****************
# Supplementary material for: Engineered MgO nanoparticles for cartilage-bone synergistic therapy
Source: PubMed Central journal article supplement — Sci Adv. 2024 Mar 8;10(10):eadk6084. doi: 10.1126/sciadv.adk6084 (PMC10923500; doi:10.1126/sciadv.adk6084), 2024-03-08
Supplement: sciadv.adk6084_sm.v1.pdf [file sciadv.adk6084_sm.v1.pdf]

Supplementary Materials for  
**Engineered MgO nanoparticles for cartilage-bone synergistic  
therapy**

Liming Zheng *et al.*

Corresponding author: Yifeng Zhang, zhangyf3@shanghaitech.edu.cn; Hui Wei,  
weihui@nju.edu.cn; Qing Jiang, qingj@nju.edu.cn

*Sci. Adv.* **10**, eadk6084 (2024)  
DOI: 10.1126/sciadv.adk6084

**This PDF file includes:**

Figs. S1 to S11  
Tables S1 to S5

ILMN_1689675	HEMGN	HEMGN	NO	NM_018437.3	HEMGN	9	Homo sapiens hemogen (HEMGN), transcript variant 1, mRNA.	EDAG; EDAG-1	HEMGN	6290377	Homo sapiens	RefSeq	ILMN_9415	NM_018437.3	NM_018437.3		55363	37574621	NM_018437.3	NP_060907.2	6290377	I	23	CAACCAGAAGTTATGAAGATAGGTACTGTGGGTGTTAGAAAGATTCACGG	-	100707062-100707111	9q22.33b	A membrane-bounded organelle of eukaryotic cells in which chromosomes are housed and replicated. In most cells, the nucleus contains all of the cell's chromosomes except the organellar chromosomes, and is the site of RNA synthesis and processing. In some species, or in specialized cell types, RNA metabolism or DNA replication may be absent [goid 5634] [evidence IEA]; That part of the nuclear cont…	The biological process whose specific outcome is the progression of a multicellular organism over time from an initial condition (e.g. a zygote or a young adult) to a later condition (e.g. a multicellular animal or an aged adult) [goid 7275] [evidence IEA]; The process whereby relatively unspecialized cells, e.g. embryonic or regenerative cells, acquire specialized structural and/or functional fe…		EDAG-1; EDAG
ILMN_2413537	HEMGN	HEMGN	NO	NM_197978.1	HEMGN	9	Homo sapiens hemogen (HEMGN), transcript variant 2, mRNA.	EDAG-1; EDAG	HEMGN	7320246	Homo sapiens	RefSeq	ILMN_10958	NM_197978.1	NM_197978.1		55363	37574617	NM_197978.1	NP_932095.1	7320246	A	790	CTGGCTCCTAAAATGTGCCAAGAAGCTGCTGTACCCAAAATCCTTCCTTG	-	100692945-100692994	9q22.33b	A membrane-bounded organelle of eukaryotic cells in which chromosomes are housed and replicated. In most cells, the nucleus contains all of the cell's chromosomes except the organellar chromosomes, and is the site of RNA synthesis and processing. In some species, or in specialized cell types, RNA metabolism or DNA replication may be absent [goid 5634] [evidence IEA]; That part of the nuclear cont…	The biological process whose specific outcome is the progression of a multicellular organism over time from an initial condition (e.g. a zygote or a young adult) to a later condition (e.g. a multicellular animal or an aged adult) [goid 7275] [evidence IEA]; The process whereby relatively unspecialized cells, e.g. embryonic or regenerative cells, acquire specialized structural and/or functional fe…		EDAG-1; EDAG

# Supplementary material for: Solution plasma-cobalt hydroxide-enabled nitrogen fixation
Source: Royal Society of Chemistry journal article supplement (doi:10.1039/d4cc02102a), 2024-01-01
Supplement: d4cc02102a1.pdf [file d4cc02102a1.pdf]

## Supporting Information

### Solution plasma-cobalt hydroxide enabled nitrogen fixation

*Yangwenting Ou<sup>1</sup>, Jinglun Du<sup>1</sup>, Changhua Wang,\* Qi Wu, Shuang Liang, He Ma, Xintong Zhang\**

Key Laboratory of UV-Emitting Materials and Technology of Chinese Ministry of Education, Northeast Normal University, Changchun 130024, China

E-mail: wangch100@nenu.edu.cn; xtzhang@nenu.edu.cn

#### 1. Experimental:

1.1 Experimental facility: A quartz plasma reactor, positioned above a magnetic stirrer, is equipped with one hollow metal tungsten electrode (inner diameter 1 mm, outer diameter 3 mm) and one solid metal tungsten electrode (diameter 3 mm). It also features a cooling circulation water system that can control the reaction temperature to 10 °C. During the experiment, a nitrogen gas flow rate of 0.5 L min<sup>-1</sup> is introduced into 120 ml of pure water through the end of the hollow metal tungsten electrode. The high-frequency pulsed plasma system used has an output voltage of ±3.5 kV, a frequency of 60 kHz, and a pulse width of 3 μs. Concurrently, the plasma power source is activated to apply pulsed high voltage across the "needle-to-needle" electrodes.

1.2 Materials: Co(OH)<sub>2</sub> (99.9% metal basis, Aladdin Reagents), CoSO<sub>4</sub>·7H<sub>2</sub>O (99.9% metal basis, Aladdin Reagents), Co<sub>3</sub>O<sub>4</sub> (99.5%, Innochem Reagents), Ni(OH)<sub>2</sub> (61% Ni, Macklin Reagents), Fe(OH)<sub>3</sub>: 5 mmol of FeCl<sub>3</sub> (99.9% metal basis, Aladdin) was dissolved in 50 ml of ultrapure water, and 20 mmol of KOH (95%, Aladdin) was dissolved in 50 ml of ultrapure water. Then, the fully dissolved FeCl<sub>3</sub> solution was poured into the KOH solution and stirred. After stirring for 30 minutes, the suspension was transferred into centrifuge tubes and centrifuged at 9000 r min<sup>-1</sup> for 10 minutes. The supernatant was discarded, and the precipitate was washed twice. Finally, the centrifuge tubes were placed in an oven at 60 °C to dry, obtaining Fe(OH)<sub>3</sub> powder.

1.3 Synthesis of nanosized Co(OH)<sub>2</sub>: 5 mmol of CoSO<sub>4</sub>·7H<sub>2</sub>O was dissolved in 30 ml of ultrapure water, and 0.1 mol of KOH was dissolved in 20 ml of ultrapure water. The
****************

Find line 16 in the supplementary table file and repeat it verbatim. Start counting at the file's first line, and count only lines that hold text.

ILMN_2413537	HEMGN	HEMGN	NO	NM_197978.1	HEMGN	9	Homo sapiens hemogen (HEMGN), transcript variant 2, mRNA.	EDAG-1; EDAG	HEMGN	7320246	Homo sapiens	RefSeq	ILMN_10958	NM_197978.1	NM_197978.1		55363	37574617	NM_197978.1	NP_932095.1	7320246	A	790	CTGGCTCCTAAAATGTGCCAAGAAGCTGCTGTACCCAAAATCCTTCCTTG	-	100692945-100692994	9q22.33b	A membrane-bounded organelle of eukaryotic cells in which chromosomes are housed and replicated. In most cells, the nucleus contains all of the cell's chromosomes except the organellar chromosomes, and is the site of RNA synthesis and processing. In some species, or in specialized cell types, RNA metabolism or DNA replication may be absent [goid 5634] [evidence IEA]; That part of the nuclear cont…	The biological process whose specific outcome is the progression of a multicellular organism over time from an initial condition (e.g. a zygote or a young adult) to a later condition (e.g. a multicellular animal or an aged adult) [goid 7275] [evidence IEA]; The process whereby relatively unspecialized cells, e.g. embryonic or regenerative cells, acquire specialized structural and/or functional fe…		EDAG-1; EDAG